Grow slowly. Heed the wisdom of long-lived trees. Heed the scientists who study the ancient trees and continue to find revelations. Heed all who would save our increasingly rare elder forests and massive trees from logging.

Earlier this fall, I interviewed Dr. Anna Sala who is a tree physiologist and professor at the University of Montana. She knows trees from the inside out and down to the cellular level. The result? Her reverence for trees merges science with the spiritual. She shared this statement with me:

“Old trees are beautiful, and their quiet resilience, humbling. Who can endure the unforgiving elements for centuries or millennia without moving? Trees can–but only the very special ones.”

Dr. Anna Sala, tree physiologist and professor at University of Montana.

There’s a special ponderosa pine in my neighborhood forest skirting the Newberry Crater lava field. I often wander the deer trails through manzanita, past the shelter snags where the Lewis’s Woodpeckers nested, and past the boulder where a coyote barked — to arrive at the lofty tree.

There, I rest my hand on the amber puzzle bark. Know this tree that has escaped the saw, the lightning strike, and disease. Know this tree is exceptional in ways I’d never considered before learning of Sala’s research.

Here’s the secret. My tree friend has always grown ponderously slow. This pine continues to bulk up — year upon year, decade upon decade, century upon century. Unlike people, trees never stop growing as they age and even at this slower growth rate, this biggest of all trees actually puts on more growth annually than the smaller trees, because of the immense circumference.

This is my big pine friend, growing strong and slow within a sliver of national forest nudging up to the extensive lava flows near the Deschutes River in Central Oregon.

Sala led research published in 2019 that revealed this startling finding about centuries-old ponderosa pines. One of the secrets to longevity is a slow growth rate that’s the result of a savvy drought survival strategy. The implication? Ponderosas that live to be older than 300 years have an edge in surviving the frequent and more intense droughts that western states are already seeing from human-caused climate change.

“The difference is in the microscopic structure of the water-conducting cells,” Sala explained. Some trees possess better safety valves to protect the transport of water from roots up to needles during the stresses of drought. The tradeoff? Safer valves make it harder for water to squeeze through, which slows down growth.

Ponderosa pines: some but not all possess the slow-growing traits that allow them to grow for more than three centuries. (photo by Anna Sala).

The discovery originated in a remote Idaho wilderness. There, Sala and UM alumnus Eric Keeling compared growth rates of 150 and 350+-year-old ponderosas. Back in the lab, Sala and UM alumna Beth Roskilly examined the trees’ xylem, the system of tubes for transporting water and minerals from roots to needles.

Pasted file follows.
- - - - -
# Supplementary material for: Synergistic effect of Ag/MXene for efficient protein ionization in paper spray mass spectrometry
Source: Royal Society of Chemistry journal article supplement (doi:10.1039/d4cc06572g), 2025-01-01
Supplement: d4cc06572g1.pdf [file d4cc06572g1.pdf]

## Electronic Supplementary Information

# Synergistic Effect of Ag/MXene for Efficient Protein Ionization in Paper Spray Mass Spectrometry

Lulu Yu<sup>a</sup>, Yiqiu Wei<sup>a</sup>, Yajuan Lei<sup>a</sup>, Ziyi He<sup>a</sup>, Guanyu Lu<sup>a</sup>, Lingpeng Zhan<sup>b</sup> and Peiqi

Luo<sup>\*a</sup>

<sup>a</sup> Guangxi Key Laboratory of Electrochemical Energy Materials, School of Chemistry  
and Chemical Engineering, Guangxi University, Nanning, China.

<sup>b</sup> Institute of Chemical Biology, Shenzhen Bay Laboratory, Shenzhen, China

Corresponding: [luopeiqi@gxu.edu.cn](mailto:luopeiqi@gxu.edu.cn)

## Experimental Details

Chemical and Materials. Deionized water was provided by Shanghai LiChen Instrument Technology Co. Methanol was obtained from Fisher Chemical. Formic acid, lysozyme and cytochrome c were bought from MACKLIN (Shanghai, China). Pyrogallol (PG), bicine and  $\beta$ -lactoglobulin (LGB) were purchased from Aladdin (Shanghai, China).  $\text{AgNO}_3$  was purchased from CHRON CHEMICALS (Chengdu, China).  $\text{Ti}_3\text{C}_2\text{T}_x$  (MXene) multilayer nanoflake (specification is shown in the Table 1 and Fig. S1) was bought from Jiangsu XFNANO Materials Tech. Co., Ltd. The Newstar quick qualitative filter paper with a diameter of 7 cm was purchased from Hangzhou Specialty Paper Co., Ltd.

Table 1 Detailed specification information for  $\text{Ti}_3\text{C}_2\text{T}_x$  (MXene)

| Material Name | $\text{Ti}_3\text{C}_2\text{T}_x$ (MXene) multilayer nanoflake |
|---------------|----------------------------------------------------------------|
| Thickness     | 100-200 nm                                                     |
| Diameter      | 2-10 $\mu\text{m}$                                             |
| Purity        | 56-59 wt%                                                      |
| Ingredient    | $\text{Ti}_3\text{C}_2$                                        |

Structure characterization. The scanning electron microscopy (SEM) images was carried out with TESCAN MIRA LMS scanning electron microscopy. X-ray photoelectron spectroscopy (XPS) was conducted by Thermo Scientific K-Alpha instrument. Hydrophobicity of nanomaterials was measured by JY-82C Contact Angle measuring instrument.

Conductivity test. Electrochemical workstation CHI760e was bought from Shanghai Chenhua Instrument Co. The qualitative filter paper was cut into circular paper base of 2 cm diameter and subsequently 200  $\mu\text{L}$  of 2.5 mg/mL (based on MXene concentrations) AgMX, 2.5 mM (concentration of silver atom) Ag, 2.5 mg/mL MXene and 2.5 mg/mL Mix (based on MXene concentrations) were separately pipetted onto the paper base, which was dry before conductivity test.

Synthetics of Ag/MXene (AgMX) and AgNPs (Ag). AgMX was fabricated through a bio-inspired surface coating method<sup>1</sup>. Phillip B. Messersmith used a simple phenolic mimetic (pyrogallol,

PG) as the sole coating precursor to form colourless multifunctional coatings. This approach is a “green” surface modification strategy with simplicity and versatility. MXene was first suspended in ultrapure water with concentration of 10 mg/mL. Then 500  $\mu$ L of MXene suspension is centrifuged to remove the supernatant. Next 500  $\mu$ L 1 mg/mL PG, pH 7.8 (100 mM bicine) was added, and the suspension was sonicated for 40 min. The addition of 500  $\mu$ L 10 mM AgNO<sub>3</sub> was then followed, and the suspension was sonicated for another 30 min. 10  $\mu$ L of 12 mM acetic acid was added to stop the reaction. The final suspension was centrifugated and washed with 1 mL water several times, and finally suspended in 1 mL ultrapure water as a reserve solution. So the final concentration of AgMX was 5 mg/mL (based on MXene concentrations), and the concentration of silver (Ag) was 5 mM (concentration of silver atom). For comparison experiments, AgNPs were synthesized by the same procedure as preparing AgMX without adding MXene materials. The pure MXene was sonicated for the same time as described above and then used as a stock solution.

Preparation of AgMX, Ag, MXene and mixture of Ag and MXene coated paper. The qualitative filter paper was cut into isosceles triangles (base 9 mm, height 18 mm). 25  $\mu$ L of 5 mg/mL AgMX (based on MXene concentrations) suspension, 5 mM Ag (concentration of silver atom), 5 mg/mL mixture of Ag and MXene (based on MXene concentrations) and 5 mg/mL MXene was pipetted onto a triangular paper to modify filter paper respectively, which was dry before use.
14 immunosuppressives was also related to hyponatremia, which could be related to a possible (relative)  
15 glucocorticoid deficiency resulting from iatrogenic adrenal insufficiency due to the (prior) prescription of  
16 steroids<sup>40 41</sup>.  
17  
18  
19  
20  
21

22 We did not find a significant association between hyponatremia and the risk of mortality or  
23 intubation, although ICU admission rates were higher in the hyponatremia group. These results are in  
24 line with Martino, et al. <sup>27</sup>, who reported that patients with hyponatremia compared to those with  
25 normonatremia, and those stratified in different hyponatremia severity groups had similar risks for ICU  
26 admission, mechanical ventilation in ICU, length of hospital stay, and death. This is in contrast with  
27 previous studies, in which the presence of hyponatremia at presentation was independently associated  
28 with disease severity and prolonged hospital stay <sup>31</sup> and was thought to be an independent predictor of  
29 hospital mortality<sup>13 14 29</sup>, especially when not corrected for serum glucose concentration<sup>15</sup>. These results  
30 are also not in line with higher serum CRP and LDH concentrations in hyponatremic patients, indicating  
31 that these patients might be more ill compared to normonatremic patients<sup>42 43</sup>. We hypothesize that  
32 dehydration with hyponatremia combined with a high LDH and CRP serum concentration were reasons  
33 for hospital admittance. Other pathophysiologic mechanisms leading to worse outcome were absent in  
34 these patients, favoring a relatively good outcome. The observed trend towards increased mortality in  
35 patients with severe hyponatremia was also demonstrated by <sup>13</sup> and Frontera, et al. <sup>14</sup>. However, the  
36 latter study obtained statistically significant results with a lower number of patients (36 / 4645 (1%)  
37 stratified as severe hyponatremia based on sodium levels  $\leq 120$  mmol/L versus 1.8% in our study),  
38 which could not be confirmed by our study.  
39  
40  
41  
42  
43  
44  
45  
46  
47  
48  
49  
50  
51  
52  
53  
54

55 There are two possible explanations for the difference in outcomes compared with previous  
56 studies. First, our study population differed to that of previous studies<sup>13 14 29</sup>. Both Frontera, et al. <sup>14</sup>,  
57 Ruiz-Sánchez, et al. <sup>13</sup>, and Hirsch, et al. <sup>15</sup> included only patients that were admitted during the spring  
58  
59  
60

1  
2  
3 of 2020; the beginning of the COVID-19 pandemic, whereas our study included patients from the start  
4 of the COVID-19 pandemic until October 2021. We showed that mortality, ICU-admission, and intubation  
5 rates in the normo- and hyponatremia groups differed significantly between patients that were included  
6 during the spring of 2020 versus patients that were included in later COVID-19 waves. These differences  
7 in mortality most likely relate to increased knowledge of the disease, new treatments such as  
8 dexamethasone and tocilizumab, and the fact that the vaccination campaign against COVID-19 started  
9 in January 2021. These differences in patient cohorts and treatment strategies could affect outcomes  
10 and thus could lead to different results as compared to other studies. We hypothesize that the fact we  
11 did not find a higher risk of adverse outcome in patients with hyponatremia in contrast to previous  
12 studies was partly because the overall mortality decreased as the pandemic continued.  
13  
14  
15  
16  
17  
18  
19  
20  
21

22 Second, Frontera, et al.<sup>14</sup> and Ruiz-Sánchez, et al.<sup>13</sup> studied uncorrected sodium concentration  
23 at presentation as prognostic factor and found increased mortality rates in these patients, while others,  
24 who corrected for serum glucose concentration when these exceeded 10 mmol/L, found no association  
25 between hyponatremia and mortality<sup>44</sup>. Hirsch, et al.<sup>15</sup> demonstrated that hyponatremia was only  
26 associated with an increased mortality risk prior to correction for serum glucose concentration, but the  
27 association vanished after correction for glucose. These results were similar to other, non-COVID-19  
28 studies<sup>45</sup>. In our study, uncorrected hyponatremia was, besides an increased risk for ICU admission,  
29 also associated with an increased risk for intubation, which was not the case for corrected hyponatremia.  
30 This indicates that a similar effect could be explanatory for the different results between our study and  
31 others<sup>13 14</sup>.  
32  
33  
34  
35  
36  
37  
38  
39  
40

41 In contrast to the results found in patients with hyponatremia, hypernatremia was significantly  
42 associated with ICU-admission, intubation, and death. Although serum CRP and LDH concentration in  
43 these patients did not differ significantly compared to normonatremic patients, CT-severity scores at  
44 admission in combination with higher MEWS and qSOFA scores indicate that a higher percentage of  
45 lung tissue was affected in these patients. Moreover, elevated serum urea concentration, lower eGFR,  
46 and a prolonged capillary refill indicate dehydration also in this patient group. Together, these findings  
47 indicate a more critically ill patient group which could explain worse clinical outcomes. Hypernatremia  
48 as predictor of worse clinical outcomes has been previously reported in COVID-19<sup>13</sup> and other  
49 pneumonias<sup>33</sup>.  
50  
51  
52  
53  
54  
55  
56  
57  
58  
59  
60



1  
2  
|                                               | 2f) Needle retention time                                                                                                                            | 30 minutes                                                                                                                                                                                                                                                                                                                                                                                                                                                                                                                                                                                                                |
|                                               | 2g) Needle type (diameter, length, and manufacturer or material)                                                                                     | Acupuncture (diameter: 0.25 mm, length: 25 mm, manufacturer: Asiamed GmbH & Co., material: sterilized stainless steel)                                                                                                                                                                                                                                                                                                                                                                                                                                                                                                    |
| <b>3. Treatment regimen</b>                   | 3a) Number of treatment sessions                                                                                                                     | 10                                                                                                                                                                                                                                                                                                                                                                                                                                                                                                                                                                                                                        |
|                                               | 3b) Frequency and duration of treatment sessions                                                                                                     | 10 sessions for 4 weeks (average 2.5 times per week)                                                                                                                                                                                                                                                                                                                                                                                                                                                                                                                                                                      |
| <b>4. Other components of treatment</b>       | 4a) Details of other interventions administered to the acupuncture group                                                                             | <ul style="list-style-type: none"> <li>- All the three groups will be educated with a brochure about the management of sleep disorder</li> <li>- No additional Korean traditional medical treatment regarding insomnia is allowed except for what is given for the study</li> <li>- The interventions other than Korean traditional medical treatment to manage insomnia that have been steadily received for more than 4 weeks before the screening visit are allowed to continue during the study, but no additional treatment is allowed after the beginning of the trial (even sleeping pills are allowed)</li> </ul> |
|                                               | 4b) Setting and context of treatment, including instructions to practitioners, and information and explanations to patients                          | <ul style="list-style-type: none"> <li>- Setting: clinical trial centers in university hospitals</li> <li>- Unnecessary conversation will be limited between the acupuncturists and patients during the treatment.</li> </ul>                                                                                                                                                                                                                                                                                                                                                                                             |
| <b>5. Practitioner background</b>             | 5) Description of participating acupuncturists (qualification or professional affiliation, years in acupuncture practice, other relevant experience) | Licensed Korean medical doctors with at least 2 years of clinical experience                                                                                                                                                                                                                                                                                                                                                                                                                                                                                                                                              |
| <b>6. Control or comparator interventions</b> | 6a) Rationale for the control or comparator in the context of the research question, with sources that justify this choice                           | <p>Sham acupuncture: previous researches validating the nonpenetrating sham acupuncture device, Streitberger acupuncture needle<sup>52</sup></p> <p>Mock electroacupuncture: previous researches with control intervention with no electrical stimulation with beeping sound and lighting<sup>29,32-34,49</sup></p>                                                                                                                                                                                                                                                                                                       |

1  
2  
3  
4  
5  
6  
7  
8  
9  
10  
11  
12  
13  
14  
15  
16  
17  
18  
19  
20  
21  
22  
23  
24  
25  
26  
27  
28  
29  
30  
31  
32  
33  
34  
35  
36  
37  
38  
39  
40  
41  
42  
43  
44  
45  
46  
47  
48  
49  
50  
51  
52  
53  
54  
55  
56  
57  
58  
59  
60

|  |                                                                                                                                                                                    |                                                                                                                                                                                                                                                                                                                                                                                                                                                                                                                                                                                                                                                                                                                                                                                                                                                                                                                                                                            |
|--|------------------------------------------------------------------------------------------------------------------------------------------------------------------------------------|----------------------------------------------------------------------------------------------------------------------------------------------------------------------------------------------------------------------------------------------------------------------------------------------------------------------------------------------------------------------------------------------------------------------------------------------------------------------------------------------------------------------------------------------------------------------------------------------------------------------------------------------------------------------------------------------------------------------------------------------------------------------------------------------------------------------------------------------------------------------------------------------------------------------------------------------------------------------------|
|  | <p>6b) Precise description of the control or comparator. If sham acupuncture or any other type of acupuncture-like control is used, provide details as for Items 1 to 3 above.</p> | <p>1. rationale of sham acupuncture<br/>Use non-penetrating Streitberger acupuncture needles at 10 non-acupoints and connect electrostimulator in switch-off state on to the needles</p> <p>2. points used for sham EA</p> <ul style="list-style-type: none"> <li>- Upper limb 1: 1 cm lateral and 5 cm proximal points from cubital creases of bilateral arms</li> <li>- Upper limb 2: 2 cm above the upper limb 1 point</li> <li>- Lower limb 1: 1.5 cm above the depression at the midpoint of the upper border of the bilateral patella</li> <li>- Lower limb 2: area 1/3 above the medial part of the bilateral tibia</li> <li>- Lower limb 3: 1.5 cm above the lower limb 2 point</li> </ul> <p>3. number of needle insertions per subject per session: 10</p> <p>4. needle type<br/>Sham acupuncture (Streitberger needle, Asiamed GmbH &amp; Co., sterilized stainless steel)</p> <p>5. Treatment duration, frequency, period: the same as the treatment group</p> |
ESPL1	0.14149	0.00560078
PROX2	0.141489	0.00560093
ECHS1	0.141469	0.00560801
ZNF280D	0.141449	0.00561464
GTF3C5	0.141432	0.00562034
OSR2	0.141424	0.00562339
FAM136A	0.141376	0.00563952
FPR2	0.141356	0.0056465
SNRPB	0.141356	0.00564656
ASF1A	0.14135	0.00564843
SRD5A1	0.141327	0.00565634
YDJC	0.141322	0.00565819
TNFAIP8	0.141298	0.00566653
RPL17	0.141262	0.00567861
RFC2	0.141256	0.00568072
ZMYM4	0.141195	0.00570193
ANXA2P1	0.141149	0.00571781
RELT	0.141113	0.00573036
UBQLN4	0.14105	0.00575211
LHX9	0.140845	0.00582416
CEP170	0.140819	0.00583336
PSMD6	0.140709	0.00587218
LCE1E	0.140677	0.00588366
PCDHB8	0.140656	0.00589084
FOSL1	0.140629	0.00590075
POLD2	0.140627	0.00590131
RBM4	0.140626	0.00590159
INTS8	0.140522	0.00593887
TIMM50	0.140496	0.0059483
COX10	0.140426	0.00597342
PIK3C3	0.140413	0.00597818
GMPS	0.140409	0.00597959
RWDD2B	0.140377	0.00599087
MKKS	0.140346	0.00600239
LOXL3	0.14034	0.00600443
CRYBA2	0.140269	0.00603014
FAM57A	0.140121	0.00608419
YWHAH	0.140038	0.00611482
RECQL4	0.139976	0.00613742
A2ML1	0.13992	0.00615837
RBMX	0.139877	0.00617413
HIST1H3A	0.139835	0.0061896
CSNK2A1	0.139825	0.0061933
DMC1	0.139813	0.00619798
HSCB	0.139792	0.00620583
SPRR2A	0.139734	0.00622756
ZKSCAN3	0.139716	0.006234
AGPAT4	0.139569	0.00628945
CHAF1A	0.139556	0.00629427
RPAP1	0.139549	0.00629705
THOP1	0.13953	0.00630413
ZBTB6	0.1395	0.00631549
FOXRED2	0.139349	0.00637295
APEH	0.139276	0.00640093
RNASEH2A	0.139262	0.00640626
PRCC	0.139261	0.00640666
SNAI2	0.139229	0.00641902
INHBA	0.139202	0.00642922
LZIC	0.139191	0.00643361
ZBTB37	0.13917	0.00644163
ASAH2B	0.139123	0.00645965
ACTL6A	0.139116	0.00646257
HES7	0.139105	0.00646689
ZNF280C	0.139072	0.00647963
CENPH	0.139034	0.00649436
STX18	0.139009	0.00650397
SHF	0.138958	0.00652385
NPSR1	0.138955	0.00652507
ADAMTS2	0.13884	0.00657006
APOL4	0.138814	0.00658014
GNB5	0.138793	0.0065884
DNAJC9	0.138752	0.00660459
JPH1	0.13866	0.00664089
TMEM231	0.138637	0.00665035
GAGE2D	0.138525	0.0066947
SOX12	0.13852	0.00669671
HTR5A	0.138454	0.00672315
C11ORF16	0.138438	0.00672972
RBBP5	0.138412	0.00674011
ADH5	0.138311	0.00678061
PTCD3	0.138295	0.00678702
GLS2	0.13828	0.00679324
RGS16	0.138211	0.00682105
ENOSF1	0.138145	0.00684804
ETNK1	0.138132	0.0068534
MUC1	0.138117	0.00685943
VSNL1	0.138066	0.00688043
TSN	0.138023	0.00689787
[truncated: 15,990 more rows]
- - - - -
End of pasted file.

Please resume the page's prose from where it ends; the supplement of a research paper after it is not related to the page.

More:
All the 350+ year-old trees they sampled had the superior safety valves. But among the young trees, some grew fast and some slow. Only the slow-growing ones had the specialized valves that are key to living long.

From Sala’s study on tree longevity, there might be a temptation to make a value judgement. The trees with the safer valves are surely the best. If we could find those trees and protect them, wouldn’t the future of ancient forests be as golden as the pines themselves?

Always the encouraging professor, Sala would credit me for the idea and then explain why that theory falls short. And she has the research to prove why.

In another study, she and her team turned their attention to ponderosas at the young end of the spectrum–from seedlings to 39-years- old. Examining 40 years of data facilitated by the Inland Empire Tree Improvement Cooperative, they looked at survival rates before and after a mountain pine beetle outbreak within the 4,000 planted trees.

Initially, seedlings with the fast-growth genes had the edge, with more access to sunlight and soil moisture. But as they grew older and bark beetles came raging into the stand, those seemingly vigorous trees died at higher rates from beetles than the trees with slow-growth genes.

“That’s why in natural populations there is genetic variation,” she said. “Both fast and slow growth are good, but at different times.”

What does this finding mean to forestry? The lesson lies in the significance of honoring diversity in the form of trees of all sizes, shapes, and growth rates. And her studies add to the urgency of protecting our now scarce big and old trees that store far more carbon than small trees, among many wondrous attributes. (See my blog Wildfire Wake-up: Save Carbon-storing Forests… and article in Columbia Insight: The Secret Power of Old Growth).

The other lesson? Humility. The more we know about older forests, the more we ought to respect the complexity and wisdom of our elders. Let them live long and fall when nature decides.


Note: In addition to highlighting Dr. Anna Sala’s important research, please see this new scientific paper by Dr. David Mildrexler and co-authors and the press release, where Mildrexler states: “Large trees represent a small proportion of trees in the forest, but they play an exceptionally important role in the entire forest community — the many unique functions they provide would take hundreds of years to replace.”